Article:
UC Nursery and Floriculture Alliance
University of California
UC Nursery and Floriculture Alliance

Science to the Grower: Mr. Sandman, bring me a dream: Is there a place for silicon in an ornamental IPM program?

by Richard Evans

Silicon, the second-most abundant element on earth (the most abundant is Starbucks), is found in plants but is not usually found on lists of essential plant nutrients. That’s because, in controlled environments, plants can be grown to maturity in the absence of silicon. Plants grown in the less-controlled conditions typical of crop production, however, may profit from the presence of silicon. Researchers have shown that increasing the silicon content of some species makes those plants more resistant to attack by insects and pathogens. This discovery has led to suggestions that agricultural products containing silicon should be included in IPM programs.

Many studies have shown benefits of silicon fertilization of cereal crops like wheat and rice, as well as for greenhouse-grown cucumbers. Unfortunately, the research status of silicon’s efficacy for ornamental crops is not as clear as glass (which, by the way, is usually about 50% silicon). Some researchers have reported benefits from adding supplemental silicon. Gillman and others (2003) added potassium silicate to the potting mix for nursery-grown landscape roses to see what effect it had on development of black spot (Diplocarpon rosae). Daily applications at 100 to 150 parts per million slowed the rate and extent of infection, but the silicon treatment had no effect on defoliation due to black spot, and none of the plants were deemed salable at the end of the experiment. Ranger and others (2009) reported that potted zinnias treated with potassium silicate developed “modest” resistance to green peach aphid — the rate of aphid population growth was about 16% slower in the silicon treatment. These sorts of results aren’t convincing, and other research adds to the doubt. Hogendorp and others (2009a; 2009b) found that adding potassium silicate did not affect citrus mealybug on coleus or fiddleleaf fig, and Moyer and others (2008) reported that potassium silicate did not control powdery mildew on gerbera.

Rose leaf with black spot infection
Rose leaf with black spot infection

Why the poor results on these ornamentals? There are at least a few reasons. First, the genetic makeup of monocots, and especially grasses and sedges, permits them to take up much more silicon than broadleaf plants do. Silicon is what makes many grasses tough enough to lacerate skin when we run through them. Among broadleaf ornamentals, only zinnia has been shown to rival grasses in its ability to accumulate silicon (Frantz et al., 2008). Second, many soils and potting mixes provide all the silicon a plant can use. Sand is a source of silicon, and potting mixes may gain more from “contaminants” in fertilizers, as well as from naturally-occurring silicon in irrigation water. And finally, silicon may not protect plants by making them physically tough, as was originally supposed. There is now evidence that silicon heightens the ability of some plants to initiate chemical warfare when attacked by pests. Silicon’s effectiveness probably depends more on the genetic makeup of the plant than on its absolute concentration in the plant, and it doesn’t start acting until the pest has attacked (Fauteux et al., 2006).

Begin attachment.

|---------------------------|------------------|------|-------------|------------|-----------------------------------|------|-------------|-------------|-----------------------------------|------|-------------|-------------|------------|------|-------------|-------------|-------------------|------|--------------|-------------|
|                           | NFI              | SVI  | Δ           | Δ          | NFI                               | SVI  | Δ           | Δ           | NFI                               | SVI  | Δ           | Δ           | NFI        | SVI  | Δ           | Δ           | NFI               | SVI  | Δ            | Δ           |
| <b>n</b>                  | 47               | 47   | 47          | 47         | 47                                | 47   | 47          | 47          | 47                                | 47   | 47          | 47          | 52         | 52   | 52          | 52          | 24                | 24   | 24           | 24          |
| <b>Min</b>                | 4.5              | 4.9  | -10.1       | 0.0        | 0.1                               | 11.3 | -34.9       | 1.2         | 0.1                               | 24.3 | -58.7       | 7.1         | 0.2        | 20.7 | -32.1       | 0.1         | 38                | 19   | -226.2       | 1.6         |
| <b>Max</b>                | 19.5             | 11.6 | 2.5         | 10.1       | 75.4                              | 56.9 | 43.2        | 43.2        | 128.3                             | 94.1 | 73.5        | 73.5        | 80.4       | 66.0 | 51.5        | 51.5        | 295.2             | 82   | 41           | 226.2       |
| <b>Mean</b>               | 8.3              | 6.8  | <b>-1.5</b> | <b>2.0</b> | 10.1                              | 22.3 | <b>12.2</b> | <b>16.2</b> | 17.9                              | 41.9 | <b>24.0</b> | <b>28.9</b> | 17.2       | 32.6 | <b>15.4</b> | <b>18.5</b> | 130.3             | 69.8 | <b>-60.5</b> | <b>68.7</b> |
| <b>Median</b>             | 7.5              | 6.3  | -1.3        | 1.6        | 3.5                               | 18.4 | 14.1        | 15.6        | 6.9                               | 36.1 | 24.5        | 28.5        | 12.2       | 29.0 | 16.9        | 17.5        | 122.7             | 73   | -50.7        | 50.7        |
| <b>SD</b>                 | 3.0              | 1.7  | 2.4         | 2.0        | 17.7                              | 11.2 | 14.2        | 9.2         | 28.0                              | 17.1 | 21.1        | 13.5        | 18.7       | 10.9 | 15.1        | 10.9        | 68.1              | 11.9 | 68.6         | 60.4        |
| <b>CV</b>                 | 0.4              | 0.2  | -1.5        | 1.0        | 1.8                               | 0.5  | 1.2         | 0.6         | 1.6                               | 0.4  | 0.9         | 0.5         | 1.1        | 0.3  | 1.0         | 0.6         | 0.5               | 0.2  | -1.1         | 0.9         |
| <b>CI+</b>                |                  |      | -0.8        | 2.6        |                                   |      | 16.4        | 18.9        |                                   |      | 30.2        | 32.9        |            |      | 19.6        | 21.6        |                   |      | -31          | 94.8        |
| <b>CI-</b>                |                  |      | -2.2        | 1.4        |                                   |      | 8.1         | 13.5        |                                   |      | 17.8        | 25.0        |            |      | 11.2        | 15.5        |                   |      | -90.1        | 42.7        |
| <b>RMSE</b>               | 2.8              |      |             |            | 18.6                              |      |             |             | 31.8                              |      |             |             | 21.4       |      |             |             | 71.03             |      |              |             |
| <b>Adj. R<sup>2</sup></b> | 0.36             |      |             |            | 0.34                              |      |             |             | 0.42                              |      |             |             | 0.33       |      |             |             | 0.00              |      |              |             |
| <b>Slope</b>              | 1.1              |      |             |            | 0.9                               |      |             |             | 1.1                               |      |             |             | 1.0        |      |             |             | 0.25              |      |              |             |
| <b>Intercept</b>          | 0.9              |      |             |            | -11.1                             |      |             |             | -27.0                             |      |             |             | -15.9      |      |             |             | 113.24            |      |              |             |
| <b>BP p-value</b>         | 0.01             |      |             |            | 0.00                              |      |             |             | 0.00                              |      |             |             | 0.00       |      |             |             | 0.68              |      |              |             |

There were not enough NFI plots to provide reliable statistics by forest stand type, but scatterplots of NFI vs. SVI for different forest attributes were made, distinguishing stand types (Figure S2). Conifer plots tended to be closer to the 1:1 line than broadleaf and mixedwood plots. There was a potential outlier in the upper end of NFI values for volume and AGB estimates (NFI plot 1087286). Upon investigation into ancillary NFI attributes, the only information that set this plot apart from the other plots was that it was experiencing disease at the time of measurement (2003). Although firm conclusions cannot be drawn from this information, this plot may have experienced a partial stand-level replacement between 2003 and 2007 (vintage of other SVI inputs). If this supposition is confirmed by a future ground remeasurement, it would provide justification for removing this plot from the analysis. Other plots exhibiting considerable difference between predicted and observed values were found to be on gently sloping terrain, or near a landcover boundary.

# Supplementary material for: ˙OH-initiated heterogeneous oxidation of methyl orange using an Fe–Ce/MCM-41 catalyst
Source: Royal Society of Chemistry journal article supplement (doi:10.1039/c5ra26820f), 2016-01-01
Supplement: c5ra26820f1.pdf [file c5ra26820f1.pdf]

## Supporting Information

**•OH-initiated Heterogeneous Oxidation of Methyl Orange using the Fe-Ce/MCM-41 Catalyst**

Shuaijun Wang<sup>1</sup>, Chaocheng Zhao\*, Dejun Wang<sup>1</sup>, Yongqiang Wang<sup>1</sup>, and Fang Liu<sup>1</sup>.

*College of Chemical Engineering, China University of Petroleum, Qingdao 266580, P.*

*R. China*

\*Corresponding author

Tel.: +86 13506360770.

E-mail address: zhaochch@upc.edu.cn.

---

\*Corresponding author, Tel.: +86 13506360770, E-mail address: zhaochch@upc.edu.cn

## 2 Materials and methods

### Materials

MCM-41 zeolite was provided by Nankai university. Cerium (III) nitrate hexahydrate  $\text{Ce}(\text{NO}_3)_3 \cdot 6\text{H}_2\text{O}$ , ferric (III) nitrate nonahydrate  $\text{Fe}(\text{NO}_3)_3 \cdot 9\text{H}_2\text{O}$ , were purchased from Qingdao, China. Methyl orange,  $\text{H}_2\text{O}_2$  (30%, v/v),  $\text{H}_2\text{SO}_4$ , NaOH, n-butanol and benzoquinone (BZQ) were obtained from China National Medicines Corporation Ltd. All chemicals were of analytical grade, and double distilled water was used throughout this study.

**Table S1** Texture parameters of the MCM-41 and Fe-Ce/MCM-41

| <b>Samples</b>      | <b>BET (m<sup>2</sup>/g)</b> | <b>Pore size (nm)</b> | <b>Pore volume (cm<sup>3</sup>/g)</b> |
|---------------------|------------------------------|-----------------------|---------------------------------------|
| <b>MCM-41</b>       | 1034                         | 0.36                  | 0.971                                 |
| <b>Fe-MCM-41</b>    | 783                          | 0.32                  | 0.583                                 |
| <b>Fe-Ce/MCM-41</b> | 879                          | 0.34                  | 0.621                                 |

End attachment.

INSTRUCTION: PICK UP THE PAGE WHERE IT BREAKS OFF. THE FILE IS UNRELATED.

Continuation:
While it looks like silicon treatments won’t help most ornamental crops now, things may change. Plant scientists are learning how plants control silicon uptake and transport, as well as how silicon affects the formation of chemical defenses in plants. This knowledge may enable ornamental plant breeders to develop varieties that take advantage of the benefits offered by silicon. Stay tuned.


Fauteux F, Chain F, Belzile F, Menzies JG, Belanger RR. 2006. The protective role of silicon in the Arabidopsis-powdery mildew pathosystem. Proceedings of the National Academy of Sciences of the United States of America 103:17554-17559.

Frantz JM, Locke JC, Datnoff L, Omer M, Widrig A, Sturtz D, Horst L, Krause CR. 2008. Detection, distribution, and quantification of silicon in floricultural crops utilizing three distinct analytical methods. Communications in Soil Science and Plant Analysis 39:2734-2751.

Gillman JH, Zlesak DC, Smith JA. 2003. Applications of potassium silicate decrease black spot infection in Rosa hybrida 'Meipelta' (Fuschia Meidiland [TM] ). Hortscience 38:1144-1147.

Hogendorp BK, Cloyd RA, Swiader JM. 2009a. Effect of silicon-based fertilizer applications on the reproduction and development of the citrus mealybug (Hemiptera: Pseudococcidae) feeding on green coleus. Journal of Economic Entomology 102:2198-2208.

Hogendorp BK, Cloyd RA, Swiader JM. 2009b. Silicon-based fertilizer applications have no effect on the reproduction and development of the citrus mealybug, Planococcus citri Risso (Hemiptera: Pseudococcidae), feeding on fiddleleaf fig, Ficus lyrata (Warb.). Hortscience 44:1616-1621.

Moyer C, Peres NA, Datnoff LE, Simonne EH, Deng Z. 2008. Evaluation of silicon for managing powdery mildew on gerbera daisy. Journal of Plant Nutrition 31:2131-2144.

Ranger CM, Singh AP, Frantz JM, Canas L, Locke JC, Reding ME, Vorsa N. 2009. Influence of silicon on resistance of Zinnia elegans to Myzus persicae(Hemiptera: Aphididae). Environmental Entomology 38:129-136.

Richard Evans is UC Cooperative Extension Specialist in Environmental Horticulture, Department of Plant Sciences, UC Davis

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